Apparently, if you drop a frog into boiling water, it will, very sensibly, hop straight out. However, if you place it in tepid water and then gradually turn up the heat, it will stay put until it slowly boils to death (just for the record I haven’t put this to the test).
What has that got to do with financial advice?
Rather surprisingly, the end of the commission system and move to explicit charging coincided with a sharp increase in costs with the average client of a financial adviser now paying close to 2% a year.
Is this reasonable or an example of the boiled frog syndrome at work?
If you asked most financial advisers, they would, understandably, be affronted at the accusation of letting costs spiral out of control. The common response is along the lines of ‘it is quality not cost’ or ‘my clients know my value and are happy to pay it’.
And certainly, trust and competency are vital. But is 2% a year now an unofficial yardstick for reasonable value?
The reality is that there are some powerful forces at work that conspire to stop people weighing up charges objectively. Here are a few obvious ones.
1. Opacity – charges are still not always clearly presented, and we still hear of people who struggle to get a straight answer when they ask the question
2. Time - or rather the lack of it. We make decisions and rarely review them
3. The power of percentages - allowing big cost rises to be presented as small rises (for example, a 100% increase in fees from 0.5 to 1% a year being presented as a 0.5% increase)
4. Indirect fees - fund and platform fees (and often adviser's too) are taken behind the scenes - not having to write out a cheque somehow makes the money feel less real
But there are less obvious, arguably more influential, behavioural forces at work. Let’s come back to that word trust. Most of us are hard-wired to trust. Society is built on trust and interdependence. When you meet an adviser, you share your aspirations, they learn about your family, and you build trust and rapport. Having made a decision we tend to be very loyal to that choice.
Adam and I recently spoke with clients who had previously taken advice from an adviser with St James Place (SJP). They had approached us after reading articles about SJP’s charges and sales incentives in the Sunday Times. It was clear that they liked the adviser, who they considered ‘charming’, and almost felt sorry they were no longer able to deal with him due to the practices of the firm he worked for.
This is not an isolated example. We have dealt with seasoned and astute businesspeople where the tendency to exonerate the individual is exactly the same. An even more recent example was a new enquiry who suddenly needed to release the tax-free cash from his pension. His existing adviser took 6 weeks to write an advice letter and included a quote of £2,600 for their work (in addition to their existing high annual fee).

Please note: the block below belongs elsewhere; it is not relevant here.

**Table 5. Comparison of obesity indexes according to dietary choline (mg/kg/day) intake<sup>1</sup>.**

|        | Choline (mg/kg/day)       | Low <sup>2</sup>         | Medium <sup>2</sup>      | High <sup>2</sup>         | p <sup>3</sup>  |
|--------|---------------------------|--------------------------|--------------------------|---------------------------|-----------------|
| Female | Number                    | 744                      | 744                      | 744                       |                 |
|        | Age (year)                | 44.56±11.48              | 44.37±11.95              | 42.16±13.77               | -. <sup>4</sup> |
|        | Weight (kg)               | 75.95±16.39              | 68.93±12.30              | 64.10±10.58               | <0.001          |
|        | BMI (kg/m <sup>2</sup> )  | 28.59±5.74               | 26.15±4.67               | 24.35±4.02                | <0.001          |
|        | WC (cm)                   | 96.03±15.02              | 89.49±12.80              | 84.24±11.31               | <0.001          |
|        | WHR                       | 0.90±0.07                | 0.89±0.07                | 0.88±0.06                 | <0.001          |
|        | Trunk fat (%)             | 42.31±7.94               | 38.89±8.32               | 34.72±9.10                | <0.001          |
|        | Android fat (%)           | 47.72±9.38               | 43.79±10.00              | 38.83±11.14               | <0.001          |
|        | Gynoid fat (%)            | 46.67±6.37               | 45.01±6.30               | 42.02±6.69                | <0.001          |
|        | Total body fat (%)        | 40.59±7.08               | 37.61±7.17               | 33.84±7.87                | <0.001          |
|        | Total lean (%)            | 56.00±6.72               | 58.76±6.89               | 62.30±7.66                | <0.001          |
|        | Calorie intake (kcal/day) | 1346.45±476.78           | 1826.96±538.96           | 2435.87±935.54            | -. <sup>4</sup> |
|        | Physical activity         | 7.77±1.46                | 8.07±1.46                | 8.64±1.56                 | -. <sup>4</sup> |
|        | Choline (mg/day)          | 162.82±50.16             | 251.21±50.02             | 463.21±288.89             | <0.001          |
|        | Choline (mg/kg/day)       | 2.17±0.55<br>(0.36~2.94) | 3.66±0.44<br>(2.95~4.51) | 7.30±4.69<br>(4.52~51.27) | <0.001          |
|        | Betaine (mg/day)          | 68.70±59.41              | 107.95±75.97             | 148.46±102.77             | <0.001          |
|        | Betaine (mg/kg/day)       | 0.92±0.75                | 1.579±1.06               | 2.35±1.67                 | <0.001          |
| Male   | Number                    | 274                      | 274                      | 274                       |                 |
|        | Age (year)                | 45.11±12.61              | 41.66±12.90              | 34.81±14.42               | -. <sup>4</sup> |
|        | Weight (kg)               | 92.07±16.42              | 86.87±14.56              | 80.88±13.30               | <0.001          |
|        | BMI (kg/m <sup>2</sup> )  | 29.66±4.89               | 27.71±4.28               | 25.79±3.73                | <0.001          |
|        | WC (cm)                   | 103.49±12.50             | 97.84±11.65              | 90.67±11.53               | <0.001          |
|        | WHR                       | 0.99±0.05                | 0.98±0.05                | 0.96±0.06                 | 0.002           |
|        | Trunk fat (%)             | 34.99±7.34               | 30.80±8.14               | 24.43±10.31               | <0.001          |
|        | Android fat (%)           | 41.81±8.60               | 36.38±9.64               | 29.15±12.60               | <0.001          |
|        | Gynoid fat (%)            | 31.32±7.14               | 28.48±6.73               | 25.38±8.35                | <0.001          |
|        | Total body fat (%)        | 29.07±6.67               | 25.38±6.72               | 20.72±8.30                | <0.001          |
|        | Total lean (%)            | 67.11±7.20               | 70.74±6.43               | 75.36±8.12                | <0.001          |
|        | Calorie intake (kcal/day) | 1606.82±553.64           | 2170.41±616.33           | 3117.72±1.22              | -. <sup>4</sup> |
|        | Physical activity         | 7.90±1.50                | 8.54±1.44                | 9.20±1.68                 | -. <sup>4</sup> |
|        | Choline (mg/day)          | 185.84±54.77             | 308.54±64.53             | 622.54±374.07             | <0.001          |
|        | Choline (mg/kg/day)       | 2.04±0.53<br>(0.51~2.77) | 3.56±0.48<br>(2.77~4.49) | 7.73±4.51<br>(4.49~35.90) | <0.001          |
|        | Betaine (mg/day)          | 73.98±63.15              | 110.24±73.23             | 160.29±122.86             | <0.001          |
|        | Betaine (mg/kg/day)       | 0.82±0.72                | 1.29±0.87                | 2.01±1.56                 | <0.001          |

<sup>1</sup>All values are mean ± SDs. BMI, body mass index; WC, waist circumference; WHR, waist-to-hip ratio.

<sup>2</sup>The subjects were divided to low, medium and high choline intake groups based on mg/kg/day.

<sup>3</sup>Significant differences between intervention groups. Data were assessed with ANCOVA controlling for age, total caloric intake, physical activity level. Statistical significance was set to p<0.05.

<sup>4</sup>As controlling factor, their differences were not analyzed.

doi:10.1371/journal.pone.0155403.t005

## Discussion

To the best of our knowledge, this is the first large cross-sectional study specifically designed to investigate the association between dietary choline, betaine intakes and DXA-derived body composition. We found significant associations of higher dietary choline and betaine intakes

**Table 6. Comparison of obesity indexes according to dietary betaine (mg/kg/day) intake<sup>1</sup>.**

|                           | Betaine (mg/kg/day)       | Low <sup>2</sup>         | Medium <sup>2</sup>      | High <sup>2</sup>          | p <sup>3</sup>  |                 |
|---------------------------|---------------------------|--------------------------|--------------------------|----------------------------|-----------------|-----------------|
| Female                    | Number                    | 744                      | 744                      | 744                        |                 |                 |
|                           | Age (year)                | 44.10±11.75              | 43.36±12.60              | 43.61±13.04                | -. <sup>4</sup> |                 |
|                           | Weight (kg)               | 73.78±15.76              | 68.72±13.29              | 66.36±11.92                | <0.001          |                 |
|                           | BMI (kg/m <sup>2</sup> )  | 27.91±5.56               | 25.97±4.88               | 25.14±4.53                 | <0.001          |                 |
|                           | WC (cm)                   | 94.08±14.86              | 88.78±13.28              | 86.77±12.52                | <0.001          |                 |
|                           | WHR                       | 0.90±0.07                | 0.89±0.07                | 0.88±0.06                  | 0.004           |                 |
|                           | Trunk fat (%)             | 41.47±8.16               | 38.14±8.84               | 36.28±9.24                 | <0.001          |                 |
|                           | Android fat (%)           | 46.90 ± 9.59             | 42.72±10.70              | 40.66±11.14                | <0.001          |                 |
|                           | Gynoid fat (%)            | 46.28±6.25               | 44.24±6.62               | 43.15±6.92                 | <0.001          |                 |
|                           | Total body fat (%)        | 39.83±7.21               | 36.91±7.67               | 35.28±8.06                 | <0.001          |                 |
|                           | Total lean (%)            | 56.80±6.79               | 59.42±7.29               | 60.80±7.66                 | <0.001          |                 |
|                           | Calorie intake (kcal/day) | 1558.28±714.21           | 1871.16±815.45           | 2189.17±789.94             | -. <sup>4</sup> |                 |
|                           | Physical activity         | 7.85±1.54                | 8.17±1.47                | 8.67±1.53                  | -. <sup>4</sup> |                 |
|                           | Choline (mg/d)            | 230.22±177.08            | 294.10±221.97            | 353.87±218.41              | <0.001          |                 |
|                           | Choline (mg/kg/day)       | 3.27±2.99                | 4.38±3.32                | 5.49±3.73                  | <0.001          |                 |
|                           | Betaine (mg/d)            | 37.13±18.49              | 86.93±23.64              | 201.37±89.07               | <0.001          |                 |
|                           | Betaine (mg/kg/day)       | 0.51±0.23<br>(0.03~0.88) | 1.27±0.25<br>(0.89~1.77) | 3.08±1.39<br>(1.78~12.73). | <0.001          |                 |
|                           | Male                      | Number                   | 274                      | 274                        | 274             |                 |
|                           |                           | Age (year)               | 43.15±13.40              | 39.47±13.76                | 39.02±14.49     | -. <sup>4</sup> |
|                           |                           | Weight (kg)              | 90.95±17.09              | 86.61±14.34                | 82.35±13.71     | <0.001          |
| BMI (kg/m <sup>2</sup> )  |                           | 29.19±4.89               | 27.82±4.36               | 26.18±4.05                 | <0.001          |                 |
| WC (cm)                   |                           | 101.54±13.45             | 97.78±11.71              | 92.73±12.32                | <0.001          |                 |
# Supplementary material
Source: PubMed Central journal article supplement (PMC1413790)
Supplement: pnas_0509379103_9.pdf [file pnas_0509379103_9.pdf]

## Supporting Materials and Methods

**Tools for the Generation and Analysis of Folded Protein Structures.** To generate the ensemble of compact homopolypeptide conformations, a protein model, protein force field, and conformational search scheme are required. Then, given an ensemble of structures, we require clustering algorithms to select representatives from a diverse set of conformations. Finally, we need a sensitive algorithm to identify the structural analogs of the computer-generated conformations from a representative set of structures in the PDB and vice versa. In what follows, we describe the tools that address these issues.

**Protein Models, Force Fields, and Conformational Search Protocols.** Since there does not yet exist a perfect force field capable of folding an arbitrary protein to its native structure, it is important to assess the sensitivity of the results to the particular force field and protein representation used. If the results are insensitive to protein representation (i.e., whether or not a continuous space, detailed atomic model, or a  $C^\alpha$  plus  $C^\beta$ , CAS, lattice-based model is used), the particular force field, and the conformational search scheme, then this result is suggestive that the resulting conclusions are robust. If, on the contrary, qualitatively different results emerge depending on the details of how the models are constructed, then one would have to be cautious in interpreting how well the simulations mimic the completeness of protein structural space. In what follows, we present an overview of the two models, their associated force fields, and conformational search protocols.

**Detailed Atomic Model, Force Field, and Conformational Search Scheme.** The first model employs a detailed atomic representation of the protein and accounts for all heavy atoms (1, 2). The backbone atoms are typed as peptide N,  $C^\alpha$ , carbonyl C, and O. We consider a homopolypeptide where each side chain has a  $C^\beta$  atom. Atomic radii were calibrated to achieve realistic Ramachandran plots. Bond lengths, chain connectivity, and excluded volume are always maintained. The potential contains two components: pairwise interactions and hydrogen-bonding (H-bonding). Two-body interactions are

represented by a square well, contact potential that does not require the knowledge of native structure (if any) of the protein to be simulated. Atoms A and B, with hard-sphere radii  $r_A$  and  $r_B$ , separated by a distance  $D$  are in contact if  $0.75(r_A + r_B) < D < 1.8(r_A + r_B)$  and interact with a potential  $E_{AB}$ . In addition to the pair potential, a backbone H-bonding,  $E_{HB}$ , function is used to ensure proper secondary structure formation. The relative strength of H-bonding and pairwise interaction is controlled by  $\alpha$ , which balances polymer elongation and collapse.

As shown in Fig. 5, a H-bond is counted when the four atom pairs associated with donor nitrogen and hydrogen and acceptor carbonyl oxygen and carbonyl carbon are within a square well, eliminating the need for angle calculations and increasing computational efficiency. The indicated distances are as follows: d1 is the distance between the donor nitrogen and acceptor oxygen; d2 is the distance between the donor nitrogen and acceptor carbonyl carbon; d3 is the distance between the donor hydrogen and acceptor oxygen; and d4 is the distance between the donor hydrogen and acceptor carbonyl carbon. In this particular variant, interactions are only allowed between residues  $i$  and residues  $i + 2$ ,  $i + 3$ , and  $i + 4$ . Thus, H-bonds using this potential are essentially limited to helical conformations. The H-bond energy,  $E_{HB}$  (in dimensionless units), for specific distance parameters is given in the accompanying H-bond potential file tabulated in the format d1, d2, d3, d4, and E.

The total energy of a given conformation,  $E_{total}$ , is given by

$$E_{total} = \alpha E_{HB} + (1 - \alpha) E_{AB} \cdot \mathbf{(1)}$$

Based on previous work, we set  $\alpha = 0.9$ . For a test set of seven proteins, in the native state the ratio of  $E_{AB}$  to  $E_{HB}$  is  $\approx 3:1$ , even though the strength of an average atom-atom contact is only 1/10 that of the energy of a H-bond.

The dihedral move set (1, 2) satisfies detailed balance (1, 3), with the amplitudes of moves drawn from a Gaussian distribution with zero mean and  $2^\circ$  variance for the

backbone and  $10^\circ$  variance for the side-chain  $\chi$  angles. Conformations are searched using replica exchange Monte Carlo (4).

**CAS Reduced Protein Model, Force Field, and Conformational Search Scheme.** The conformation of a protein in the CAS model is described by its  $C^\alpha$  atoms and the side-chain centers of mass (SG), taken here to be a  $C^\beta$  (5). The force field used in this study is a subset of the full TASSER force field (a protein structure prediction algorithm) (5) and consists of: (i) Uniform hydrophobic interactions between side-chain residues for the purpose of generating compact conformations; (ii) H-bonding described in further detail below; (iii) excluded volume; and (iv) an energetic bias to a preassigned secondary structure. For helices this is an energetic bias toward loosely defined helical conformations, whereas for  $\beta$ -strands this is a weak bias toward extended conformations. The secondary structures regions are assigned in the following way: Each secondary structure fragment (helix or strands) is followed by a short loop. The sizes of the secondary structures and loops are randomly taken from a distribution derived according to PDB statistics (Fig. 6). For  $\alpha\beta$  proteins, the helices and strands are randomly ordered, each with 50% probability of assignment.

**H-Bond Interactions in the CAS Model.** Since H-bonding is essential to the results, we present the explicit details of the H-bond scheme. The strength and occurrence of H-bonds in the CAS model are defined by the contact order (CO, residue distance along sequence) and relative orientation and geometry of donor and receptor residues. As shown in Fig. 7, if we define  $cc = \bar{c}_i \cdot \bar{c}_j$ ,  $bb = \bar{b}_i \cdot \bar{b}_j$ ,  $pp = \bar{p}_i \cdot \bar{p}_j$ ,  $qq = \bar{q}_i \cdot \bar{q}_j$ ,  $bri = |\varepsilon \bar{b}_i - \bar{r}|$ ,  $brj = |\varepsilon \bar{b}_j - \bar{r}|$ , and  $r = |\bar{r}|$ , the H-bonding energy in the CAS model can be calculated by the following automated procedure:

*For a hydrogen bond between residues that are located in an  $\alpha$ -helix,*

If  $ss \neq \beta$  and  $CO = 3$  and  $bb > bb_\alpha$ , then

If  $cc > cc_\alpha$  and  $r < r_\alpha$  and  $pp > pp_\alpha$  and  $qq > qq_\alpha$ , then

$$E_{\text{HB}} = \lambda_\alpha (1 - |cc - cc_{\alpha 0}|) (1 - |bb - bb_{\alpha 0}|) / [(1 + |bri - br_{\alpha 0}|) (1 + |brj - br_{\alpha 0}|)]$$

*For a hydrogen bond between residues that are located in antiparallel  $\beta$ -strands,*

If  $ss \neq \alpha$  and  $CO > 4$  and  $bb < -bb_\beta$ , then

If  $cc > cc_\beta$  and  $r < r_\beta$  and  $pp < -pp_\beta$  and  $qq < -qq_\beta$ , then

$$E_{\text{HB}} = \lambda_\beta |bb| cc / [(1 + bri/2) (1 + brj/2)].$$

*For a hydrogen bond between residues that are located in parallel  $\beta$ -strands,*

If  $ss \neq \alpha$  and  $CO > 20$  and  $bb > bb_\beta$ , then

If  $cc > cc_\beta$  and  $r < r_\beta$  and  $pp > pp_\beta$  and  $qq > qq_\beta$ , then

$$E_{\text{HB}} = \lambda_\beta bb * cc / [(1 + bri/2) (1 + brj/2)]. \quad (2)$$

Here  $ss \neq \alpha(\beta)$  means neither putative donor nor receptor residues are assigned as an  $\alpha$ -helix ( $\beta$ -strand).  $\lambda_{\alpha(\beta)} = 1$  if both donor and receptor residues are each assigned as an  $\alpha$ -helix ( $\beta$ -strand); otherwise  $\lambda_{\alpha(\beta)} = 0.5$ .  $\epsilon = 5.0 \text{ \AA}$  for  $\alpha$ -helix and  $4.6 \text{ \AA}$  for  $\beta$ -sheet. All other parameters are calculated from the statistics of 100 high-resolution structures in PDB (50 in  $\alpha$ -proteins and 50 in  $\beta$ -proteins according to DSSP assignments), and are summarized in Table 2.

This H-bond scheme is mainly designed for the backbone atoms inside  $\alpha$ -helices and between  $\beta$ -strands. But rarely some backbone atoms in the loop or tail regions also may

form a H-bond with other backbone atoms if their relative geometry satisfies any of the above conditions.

Not knowing how much work was involved, he asked us if we thought this was reasonable, and admitted he would simply have paid it had he not been speaking with us. We told him it wasn’t at all reasonable. Even knowing this his instinct was still to exonerate the individual adviser who he had grown to like.
These are admirable traits, which I am pleased to admit that I suffer from myself, but at times these good instincts can work against us. And there is a yet more subtle force at play.
I recently read a book citing examples of prosecutors in the U.S. and how they reacted when the onset of DNA evidence categorically disproved a previous successful conviction. Rather than objectively reviewing the facts (and releasing an innocent person) it cited examples of them concocting outlandish theories to support their original view.
These were not deliberate lies. Far from it. It was precisely because they invested so much of themselves (training, professionalism, integrity, sense of duty) that they found it so hard to alter their view. That is an extreme example, but I suspect we all recognise that ability to retell stories to ourselves in a way that supports an earlier decision or outcome.
So, back to financial advice? Is 2% a year a decent yardstick for total charges or sign of a gently boiling frog?
Our clients, on average, pay total costs of around 1% a year. Ok, we are tough on charges and would not necessarily expect more traditional firms to be able to match us, but that does not mean 2% is reasonable. Not by any stretch. It can result in thousands of pounds a year lost in unnecessary and excessive cost.
And there is a point where trust and cost meet head on. Our rule of thumb has always been that 2% is the ‘red flag’. Not a yardstick for reasonable, rather a high-water mark to trigger some serious questions and introspection.
Controlling costs is one of the most important things a good adviser should do for you. And if you are not happy with the answers? Well, in frog parlance, perhaps it is time to ‘hop it’!